FREQUENTLY ASKED QUESTIONS about becoming a Professional Organizer
What is a professional organizer?
NAPO defines a professional organizer as an individual who enhances the lives of clients by designing systems and processes using organizing principles and through transferring organizing skills. A professional organizer also educates the public on organizing solutions and the resulting benefits.
Where do I start?
Research launching a business. Read a book or take a class on how to operate a home-based or small business. Check the website of the Small Business Administration and local governmental agencies as well as your local college business development offices.
Read a few organizing books to help you understand the processes of other organizers. You may even find yourself instinctively knowing what the author will say next!
If you live in Delaware, Central or Southern New Jersey or Eastern Pennsylvania, attend a NAPO-GPC chapter meeting and network with our professional organizers. This will provide you with an opportunity to ask questions and get answers from those who have first-hand experience.
How can I tell if I will be a good organizer?
Offer to do projects for friends or relatives. When the job is finished, ask for an appraisal of your work and if you can use them as a reference. Consider trading your services with those who can help you get started (graphic artist, web designer, CPA, etc.)
Being a good organizer may not be enough. Be sure you have a plan in place to manage the operations of your business.
What kind of education and experience do professional organizers have?
Many professional organizers have a college degree and/or prior work experience in various fields. The Board of Certification for Professional Organizers now offers a certification program.
How can I improve my organizing skills?
NAPO-GPC and NAPO offer many opportunities for professional development. NAPO’s course curriculum is a wonderful place to start. Organizing books are also great sources of information.
How can I determine what specialty areas I should consider?
Begin by reviewing the specialty and focus areas of NAPO-GPC members in the Glossary of Terms section of this website. Seeing what other organizers do is always helpful. Once you join NAPO-GPC you will have access to the membership directory where you can learn more specific information about our membership.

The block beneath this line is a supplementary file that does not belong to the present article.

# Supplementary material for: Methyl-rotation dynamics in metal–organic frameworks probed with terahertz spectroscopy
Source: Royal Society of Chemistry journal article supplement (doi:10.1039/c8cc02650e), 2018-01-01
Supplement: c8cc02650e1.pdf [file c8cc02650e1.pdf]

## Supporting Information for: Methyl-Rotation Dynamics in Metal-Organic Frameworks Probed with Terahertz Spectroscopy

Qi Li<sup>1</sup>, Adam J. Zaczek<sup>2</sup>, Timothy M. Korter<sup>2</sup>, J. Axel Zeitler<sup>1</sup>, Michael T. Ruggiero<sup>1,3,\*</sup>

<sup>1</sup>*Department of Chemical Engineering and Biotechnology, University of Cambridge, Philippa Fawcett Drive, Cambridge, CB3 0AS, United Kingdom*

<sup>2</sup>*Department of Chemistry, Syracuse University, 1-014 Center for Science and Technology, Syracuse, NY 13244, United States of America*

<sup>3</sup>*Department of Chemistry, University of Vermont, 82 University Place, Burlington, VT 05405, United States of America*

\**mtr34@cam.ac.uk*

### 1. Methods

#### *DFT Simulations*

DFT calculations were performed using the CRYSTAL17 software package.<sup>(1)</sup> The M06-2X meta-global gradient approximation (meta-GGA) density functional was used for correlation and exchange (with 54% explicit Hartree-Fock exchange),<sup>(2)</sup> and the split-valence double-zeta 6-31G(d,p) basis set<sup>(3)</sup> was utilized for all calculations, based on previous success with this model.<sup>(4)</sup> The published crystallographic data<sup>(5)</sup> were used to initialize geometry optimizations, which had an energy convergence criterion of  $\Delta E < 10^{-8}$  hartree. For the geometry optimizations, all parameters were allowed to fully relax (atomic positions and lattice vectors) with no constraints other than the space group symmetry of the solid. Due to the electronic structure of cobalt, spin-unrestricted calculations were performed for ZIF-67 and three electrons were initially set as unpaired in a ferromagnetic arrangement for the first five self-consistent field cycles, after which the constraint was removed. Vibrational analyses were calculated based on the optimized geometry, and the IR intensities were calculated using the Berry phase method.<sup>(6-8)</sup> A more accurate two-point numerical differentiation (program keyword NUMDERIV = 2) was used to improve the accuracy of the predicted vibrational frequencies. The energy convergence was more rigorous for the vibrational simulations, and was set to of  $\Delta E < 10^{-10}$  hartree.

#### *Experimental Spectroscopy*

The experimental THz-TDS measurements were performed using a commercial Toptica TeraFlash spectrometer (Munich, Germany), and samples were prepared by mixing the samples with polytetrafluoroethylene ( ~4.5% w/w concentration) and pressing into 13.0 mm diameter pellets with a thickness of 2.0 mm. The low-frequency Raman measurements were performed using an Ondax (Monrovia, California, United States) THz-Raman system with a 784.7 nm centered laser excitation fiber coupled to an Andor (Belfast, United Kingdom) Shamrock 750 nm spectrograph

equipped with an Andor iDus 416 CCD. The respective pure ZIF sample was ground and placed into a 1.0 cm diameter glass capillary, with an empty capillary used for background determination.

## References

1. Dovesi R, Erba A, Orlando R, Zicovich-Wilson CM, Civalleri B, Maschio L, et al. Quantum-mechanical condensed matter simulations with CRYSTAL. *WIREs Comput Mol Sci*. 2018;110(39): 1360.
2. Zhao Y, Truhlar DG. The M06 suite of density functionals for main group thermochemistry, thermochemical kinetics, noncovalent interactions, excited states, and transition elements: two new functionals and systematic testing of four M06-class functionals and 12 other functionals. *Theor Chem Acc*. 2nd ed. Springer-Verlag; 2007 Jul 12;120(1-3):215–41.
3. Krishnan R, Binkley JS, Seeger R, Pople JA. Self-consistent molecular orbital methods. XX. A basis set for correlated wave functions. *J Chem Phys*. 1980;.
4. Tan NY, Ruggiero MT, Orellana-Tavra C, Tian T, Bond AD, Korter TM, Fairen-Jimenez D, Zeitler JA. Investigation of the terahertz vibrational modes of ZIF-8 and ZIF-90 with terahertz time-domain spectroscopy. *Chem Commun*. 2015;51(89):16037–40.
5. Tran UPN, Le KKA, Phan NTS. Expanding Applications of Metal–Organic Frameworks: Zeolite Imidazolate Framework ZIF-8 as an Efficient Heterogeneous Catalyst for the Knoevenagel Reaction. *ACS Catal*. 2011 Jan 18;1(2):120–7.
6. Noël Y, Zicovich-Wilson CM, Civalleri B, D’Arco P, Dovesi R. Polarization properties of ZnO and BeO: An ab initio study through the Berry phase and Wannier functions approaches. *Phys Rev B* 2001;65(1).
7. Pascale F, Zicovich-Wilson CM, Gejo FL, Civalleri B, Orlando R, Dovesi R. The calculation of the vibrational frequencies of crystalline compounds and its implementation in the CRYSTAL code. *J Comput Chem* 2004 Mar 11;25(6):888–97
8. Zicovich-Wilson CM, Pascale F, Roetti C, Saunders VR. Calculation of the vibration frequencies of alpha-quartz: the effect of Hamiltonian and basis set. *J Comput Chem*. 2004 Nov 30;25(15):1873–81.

How do I get clients?
There are as many different marketing strategies as there are organizers. A marketing plan will help you determine your target audience and ways to reach them. Successful strategies include networking, joining lead sharing or other groups where you think your target clients are members, speaking at events, writing articles for local newspapers, advertising on your vehicle, getting involved within your community to get exposure, and creating a website.
Can I make a living as a professional organizer?
Yes. Public awareness of the organizing industry is increasing and so is the demand for organizers. However, there are many variables involved in the success of an organizing business—your marketing efforts, skill level, the amount of time you devote to it and even your geographical area.
How do I develop a pricing structure?
Many different options exist for pricing. While many organizers charge an hourly fee, others work on a project or package basis. When developing your structure, consider your areas of expertise, level of experience and geographical location. Talk to other consultants and service providers to learn about their approach to pricing.
Do I need insurance?
Carrying insurance adds to your credibility and protects you from putting yourself in financial jeopardy. As a member of NAPO you can purchase insurance from our industry partner, NAPOsure.
Beyond organizing skills and business sense, what else do I need to know?
It’s important to be able to establish good relationships with your clients. Ask questions, be a good listener, and be flexible so that you can customize your solutions to suit your client’s lifestyle, habits, and personality traits.
Maintain client confidentiality. Be honest, reliable, respectful, and responsible. Don’t be critical or judgmental. In other words, provide the service and behave in a manner that you would expect from anyone you invited into your office or home and, in many cases, into your personal life.
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